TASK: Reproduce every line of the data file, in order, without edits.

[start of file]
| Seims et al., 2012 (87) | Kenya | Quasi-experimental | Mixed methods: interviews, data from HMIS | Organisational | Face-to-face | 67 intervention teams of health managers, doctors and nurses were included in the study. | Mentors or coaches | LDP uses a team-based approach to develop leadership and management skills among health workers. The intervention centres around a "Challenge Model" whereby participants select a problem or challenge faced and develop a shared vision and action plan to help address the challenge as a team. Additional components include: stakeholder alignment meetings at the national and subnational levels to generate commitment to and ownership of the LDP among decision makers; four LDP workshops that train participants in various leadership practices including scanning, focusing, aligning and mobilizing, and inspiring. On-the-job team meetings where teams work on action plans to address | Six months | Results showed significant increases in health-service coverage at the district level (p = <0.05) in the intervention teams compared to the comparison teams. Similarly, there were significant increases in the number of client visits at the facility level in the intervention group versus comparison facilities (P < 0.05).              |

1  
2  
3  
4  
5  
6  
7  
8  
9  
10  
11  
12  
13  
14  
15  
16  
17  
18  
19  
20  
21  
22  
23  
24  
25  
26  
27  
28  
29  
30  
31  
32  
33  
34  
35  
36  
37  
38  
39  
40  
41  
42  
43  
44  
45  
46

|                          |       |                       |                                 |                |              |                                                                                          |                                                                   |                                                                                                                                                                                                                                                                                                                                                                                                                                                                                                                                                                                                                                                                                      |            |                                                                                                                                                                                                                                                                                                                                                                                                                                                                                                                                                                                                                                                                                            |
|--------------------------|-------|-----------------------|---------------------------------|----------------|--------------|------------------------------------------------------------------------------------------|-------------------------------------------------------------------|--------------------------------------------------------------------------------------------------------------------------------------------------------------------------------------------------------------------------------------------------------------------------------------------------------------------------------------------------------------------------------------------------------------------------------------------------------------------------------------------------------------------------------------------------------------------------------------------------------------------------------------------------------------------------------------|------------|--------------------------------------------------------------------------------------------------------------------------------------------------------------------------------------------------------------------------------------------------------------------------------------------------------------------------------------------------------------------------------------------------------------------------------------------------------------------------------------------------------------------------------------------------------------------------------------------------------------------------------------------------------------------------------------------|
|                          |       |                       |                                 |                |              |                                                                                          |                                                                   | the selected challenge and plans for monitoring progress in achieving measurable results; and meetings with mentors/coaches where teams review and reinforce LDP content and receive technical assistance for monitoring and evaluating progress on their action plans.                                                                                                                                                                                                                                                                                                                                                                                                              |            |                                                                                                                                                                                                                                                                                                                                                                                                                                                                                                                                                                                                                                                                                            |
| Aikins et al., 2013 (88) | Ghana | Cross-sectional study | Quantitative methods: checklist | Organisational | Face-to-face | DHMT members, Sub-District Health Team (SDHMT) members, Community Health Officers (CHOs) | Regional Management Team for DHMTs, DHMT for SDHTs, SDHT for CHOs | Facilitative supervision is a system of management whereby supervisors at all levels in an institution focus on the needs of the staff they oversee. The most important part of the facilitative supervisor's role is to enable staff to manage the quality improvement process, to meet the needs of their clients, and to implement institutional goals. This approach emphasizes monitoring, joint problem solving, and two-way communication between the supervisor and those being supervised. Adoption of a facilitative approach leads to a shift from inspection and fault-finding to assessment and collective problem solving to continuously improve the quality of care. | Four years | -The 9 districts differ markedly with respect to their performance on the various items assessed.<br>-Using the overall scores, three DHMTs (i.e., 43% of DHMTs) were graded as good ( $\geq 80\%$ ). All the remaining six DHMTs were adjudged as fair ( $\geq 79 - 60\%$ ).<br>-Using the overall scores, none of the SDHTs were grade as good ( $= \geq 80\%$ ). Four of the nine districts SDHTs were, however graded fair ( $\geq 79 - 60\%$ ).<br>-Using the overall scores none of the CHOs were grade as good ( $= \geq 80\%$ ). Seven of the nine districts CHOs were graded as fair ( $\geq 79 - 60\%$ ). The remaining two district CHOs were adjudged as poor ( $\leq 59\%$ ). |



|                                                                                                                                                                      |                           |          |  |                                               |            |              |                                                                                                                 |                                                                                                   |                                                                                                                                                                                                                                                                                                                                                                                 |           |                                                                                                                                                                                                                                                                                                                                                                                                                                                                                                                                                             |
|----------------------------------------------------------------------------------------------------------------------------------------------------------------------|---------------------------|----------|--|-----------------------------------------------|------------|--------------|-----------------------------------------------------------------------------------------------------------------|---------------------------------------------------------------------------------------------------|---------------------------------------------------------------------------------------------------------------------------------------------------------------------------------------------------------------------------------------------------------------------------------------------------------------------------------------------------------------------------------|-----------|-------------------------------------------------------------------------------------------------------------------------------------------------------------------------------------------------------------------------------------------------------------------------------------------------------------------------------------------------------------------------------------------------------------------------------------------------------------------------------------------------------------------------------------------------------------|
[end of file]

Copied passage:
| Seims et al., 2012 (87) | Kenya | Quasi-experimental | Mixed methods: interviews, data from HMIS | Organisational | Face-to-face | 67 intervention teams of health managers, doctors and nurses were included in the study. | Mentors or coaches | LDP uses a team-based approach to develop leadership and management skills among health workers. The intervention centres around a "Challenge Model" whereby participants select a problem or challenge faced and develop a shared vision and action plan to help address the challenge as a team. Additional components include: stakeholder alignment meetings at the national and subnational levels to generate commitment to and ownership of the LDP among decision makers; four LDP workshops that train participants in various leadership practices including scanning, focusing, aligning and mobilizing, and inspiring. On-the-job team meetings where teams work on action plans to address | Six months | Results showed significant increases in health-service coverage at the district level (p = <0.05) in the intervention teams compared to the comparison teams. Similarly, there were significant increases in the number of client visits at the facility level in the intervention group versus comparison facilities (P < 0.05).              |

1  
2  
3  
4  
5  
6  
7  
8  
9  
10  
11  
12  
13  
14  
15  
16  
17  
18  
19  
20  
21  
22  
23  
24  
25  
26  
27  
28  
29  
30  
31  
32  
33  
34  
35  
36  
37  
38  
39  
40  
41  
42  
43  
44  
45  
46

|                          |       |                       |                                 |                |              |                                                                                          |                                                                   |                                                                                                                                                                                                                                                                                                                                                                                                                                                                                                                                                                                                                                                                                      |            |                                                                                                                                                                                                                                                                                                                                                                                                                                                                                                                                                                                                                                                                                            |
|--------------------------|-------|-----------------------|---------------------------------|----------------|--------------|------------------------------------------------------------------------------------------|-------------------------------------------------------------------|--------------------------------------------------------------------------------------------------------------------------------------------------------------------------------------------------------------------------------------------------------------------------------------------------------------------------------------------------------------------------------------------------------------------------------------------------------------------------------------------------------------------------------------------------------------------------------------------------------------------------------------------------------------------------------------|------------|--------------------------------------------------------------------------------------------------------------------------------------------------------------------------------------------------------------------------------------------------------------------------------------------------------------------------------------------------------------------------------------------------------------------------------------------------------------------------------------------------------------------------------------------------------------------------------------------------------------------------------------------------------------------------------------------|
|                          |       |                       |                                 |                |              |                                                                                          |                                                                   | the selected challenge and plans for monitoring progress in achieving measurable results; and meetings with mentors/coaches where teams review and reinforce LDP content and receive technical assistance for monitoring and evaluating progress on their action plans.                                                                                                                                                                                                                                                                                                                                                                                                              |            |                                                                                                                                                                                                                                                                                                                                                                                                                                                                                                                                                                                                                                                                                            |
| Aikins et al., 2013 (88) | Ghana | Cross-sectional study | Quantitative methods: checklist | Organisational | Face-to-face | DHMT members, Sub-District Health Team (SDHMT) members, Community Health Officers (CHOs) | Regional Management Team for DHMTs, DHMT for SDHTs, SDHT for CHOs | Facilitative supervision is a system of management whereby supervisors at all levels in an institution focus on the needs of the staff they oversee. The most important part of the facilitative supervisor's role is to enable staff to manage the quality improvement process, to meet the needs of their clients, and to implement institutional goals. This approach emphasizes monitoring, joint problem solving, and two-way communication between the supervisor and those being supervised. Adoption of a facilitative approach leads to a shift from inspection and fault-finding to assessment and collective problem solving to continuously improve the quality of care. | Four years | -The 9 districts differ markedly with respect to their performance on the various items assessed.<br>-Using the overall scores, three DHMTs (i.e., 43% of DHMTs) were graded as good ( $\geq 80\%$ ). All the remaining six DHMTs were adjudged as fair ( $\geq 79 - 60\%$ ).<br>-Using the overall scores, none of the SDHTs were grade as good ( $= \geq 80\%$ ). Four of the nine districts SDHTs were, however graded fair ( $\geq 79 - 60\%$ ).<br>-Using the overall scores none of the CHOs were grade as good ( $= \geq 80\%$ ). Seven of the nine districts CHOs were graded as fair ( $\geq 79 - 60\%$ ). The remaining two district CHOs were adjudged as poor ( $\leq 59\%$ ). |



|                                                                                                                                                                      |                           |          |  |                                               |            |              |                                                                                                                 |                                                                                                   |                                                                                                                                                                                                                                                                                                                                                                                 |           |                                                                                                                                                                                                                                                                                                                                                                                                                                                                                                                                                             |
|----------------------------------------------------------------------------------------------------------------------------------------------------------------------|---------------------------|----------|--|-----------------------------------------------|------------|--------------|-----------------------------------------------------------------------------------------------------------------|---------------------------------------------------------------------------------------------------|---------------------------------------------------------------------------------------------------------------------------------------------------------------------------------------------------------------------------------------------------------------------------------------------------------------------------------------------------------------------------------|-----------|-------------------------------------------------------------------------------------------------------------------------------------------------------------------------------------------------------------------------------------------------------------------------------------------------------------------------------------------------------------------------------------------------------------------------------------------------------------------------------------------------------------------------------------------------------------|